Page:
Such recommendations and practices are leading to the development of new data sharing methods and open science tools for neuroimaging. Some of the identified tools for data sharing at various experimental stages include the Brain Imaging Data Structure (BIDS); the CBRAIN web-based analysis service; the COINS service; the LONI pipeline; the Neurovault repository; and the FCP/INDI and ADNI data sharing repositories. The COBIDAS recommends using the many resources available to share data, analysis scripts, and well-written code, along with unthresholded result maps to allow precise meta-analysis and follow up studies.
Finally, the COBIDAS acknowledges that while many of the practices suggested and recommended require individuals to change the way they approach implementation and reporting of a research study, advancement of these open science initiatives will only bear fruit by institutional support and direction. They posit that universities and research centers, as well as the journals themselves, should require data and code sharing. Foundations and grant agencies should also recognize and fund the explicit costs of data sharing. However, none of these will be able to single-handedly bring about the radical change that open science warrants. COBIDAS seeks a coordinated effort from individual researchers, research centers,universities,grant agencies, and it also invites professional organizations to accelerate the drive towards open science via extensive education and outreach.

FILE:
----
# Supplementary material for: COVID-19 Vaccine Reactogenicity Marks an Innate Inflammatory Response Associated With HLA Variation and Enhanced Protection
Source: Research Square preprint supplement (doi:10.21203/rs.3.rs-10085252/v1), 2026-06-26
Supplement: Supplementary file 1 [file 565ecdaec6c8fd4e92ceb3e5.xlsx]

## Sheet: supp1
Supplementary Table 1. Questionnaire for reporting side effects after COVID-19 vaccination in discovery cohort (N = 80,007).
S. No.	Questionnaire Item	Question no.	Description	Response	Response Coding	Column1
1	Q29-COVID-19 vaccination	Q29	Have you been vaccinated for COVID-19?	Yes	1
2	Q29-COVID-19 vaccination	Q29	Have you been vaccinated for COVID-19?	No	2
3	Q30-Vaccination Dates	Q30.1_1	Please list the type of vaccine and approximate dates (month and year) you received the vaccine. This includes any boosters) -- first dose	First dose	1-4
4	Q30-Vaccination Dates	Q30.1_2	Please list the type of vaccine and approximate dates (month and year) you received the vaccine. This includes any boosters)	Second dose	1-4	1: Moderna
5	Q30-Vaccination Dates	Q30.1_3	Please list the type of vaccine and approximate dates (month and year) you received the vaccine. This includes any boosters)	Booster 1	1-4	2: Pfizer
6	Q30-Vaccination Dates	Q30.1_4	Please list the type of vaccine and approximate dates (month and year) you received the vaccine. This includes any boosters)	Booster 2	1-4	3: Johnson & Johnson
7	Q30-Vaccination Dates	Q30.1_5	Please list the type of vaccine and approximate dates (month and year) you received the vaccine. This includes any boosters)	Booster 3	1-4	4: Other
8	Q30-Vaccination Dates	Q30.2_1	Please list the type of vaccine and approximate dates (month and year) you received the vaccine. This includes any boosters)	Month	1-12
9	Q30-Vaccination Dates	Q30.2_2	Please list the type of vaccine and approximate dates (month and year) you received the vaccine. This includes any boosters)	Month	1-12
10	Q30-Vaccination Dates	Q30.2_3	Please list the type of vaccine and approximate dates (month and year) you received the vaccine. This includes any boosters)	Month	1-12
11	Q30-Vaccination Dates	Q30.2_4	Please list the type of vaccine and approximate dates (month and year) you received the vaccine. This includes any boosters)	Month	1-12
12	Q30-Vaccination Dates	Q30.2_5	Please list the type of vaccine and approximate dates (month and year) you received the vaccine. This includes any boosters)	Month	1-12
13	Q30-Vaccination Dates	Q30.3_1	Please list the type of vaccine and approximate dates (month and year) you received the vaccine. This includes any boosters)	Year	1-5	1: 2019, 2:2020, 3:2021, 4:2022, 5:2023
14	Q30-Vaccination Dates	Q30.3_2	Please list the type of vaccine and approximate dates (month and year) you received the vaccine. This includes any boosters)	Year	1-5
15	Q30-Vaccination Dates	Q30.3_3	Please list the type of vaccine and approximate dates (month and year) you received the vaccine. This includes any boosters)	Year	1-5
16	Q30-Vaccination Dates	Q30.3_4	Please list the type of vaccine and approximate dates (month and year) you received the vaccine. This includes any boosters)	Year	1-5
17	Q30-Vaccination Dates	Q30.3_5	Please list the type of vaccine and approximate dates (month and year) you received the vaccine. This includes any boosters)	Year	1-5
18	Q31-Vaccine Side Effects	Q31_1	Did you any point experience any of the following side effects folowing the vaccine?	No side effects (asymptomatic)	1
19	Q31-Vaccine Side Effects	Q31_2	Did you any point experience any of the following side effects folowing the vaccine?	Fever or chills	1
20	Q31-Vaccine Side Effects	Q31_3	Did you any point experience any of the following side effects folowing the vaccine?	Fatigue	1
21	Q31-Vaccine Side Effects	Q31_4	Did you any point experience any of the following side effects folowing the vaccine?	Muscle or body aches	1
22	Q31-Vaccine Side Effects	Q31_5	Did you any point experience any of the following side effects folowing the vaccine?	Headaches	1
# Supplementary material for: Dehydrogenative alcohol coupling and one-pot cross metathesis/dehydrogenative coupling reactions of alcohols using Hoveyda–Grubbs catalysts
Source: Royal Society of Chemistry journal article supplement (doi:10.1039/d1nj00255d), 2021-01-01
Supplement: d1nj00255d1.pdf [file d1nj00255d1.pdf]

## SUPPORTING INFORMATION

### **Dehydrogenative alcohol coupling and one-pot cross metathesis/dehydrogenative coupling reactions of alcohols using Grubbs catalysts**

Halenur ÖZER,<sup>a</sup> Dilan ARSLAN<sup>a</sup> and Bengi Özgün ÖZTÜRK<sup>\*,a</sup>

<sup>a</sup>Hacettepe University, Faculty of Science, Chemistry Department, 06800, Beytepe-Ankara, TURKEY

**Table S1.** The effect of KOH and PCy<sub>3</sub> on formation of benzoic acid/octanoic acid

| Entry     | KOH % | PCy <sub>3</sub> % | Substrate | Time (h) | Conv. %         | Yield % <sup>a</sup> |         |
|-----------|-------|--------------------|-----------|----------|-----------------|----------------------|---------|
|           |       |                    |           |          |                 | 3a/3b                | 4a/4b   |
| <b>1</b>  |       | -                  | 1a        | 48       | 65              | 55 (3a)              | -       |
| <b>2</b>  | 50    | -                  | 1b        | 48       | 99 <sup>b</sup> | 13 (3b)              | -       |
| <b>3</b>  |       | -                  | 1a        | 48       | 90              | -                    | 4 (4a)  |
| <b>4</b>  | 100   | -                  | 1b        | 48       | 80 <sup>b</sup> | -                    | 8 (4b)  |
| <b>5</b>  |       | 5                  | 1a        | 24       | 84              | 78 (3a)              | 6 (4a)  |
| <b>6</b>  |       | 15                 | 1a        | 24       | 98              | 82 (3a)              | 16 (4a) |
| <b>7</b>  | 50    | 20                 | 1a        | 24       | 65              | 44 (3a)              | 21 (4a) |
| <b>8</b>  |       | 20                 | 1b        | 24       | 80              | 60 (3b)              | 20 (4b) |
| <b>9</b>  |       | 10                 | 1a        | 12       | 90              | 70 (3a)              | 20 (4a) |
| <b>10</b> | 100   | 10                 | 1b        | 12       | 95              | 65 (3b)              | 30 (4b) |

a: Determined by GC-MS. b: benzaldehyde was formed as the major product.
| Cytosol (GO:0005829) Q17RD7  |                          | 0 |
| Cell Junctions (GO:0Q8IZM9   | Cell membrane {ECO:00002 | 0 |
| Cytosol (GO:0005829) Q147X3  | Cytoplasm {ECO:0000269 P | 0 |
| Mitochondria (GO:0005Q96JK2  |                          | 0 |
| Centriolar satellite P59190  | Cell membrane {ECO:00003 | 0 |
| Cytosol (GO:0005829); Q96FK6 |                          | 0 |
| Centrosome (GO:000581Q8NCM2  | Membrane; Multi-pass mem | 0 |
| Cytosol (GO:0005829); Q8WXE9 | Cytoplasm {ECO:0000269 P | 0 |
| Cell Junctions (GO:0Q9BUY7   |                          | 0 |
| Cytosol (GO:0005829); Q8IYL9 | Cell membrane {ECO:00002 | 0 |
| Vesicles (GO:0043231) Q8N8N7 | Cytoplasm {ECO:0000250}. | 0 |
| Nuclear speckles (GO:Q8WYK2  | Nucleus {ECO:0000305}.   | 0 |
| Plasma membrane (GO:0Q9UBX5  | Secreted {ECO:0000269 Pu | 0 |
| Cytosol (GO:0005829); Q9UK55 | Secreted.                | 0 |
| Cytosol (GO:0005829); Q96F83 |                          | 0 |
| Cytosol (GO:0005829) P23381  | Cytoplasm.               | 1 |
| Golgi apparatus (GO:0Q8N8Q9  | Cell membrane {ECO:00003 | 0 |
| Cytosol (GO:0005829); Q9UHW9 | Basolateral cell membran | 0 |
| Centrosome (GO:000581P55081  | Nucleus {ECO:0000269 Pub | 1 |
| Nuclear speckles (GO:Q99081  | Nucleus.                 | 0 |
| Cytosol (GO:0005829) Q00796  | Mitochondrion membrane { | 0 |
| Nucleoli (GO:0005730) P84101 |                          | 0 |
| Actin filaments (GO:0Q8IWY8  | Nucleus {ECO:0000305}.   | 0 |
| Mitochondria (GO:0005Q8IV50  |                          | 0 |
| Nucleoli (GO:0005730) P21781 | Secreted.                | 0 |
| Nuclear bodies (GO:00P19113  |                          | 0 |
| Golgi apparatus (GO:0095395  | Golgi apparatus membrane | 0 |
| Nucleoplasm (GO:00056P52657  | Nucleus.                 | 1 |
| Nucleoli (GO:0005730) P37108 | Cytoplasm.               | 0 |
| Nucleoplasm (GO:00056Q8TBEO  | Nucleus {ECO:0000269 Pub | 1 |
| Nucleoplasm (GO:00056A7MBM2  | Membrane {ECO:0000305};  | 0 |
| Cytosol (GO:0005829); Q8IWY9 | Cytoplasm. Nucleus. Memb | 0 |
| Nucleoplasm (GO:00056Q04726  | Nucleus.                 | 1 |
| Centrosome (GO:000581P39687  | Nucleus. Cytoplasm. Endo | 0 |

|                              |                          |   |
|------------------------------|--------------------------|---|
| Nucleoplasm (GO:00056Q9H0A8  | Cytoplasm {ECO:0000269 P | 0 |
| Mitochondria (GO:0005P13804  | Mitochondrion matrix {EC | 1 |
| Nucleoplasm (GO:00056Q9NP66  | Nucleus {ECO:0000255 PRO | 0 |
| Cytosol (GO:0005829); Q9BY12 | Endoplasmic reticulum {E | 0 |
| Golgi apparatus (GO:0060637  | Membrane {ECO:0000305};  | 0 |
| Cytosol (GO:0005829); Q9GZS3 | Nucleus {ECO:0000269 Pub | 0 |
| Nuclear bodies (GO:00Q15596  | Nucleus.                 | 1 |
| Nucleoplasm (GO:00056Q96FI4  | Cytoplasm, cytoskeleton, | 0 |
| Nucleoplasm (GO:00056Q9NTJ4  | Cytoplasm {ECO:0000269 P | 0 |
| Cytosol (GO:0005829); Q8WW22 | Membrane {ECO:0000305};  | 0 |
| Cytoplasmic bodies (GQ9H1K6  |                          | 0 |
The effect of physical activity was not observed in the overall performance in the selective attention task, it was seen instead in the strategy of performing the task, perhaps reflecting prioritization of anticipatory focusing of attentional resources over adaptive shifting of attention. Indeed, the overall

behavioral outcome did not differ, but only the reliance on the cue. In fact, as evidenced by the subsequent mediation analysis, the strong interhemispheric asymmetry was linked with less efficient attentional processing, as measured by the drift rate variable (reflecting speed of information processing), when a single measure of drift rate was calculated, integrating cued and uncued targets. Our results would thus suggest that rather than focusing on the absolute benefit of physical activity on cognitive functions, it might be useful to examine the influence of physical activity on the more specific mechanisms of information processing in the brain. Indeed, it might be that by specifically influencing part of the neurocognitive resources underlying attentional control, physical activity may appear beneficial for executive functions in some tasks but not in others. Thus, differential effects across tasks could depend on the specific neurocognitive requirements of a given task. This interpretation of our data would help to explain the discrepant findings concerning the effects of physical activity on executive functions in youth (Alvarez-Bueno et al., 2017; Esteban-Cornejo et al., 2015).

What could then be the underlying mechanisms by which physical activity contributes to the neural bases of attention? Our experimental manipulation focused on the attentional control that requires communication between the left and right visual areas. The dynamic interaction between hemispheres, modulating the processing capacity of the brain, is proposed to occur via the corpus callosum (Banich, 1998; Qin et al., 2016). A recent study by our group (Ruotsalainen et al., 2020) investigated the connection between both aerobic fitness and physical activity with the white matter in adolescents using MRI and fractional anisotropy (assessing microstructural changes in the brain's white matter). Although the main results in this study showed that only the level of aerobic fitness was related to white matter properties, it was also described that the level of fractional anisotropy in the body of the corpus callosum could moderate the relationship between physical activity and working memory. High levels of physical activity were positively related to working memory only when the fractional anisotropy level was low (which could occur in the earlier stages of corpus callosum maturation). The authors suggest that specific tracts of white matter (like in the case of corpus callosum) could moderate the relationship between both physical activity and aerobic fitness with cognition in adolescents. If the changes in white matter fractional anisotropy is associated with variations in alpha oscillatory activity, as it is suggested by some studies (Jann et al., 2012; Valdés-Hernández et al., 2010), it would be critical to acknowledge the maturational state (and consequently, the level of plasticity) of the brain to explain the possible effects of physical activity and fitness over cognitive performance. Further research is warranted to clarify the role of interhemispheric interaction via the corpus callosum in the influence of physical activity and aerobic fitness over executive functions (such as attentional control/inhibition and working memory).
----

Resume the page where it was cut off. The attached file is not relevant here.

What does this mean for you and me as human brain mappers? We need to be more transparent in what we do. Not just because of the implications this has on clinical applications, but to make human brain mapping a more reliable field. Small changes in our approach to science such as documenting all the analytical methods applied while working through the projects and sharing this document on our personal sites or as supplementary material to manuscripts is a small initiative we can all take. Another simple task would be to share code written for projects on code sharing platforms such as github. At the level of the PI’s, making it a lab requirement to share this information with all the lab members including de-identified participant information and maintaining documentation for all projects: ongoing and completed would be speed up the process. This also makes it easy to follow up on projects once postdocs and graduate students have moved on.
As they say- “Little drops of water make the mighty ocean”, if we all commit to do our part, we can make open science a reality and very soon.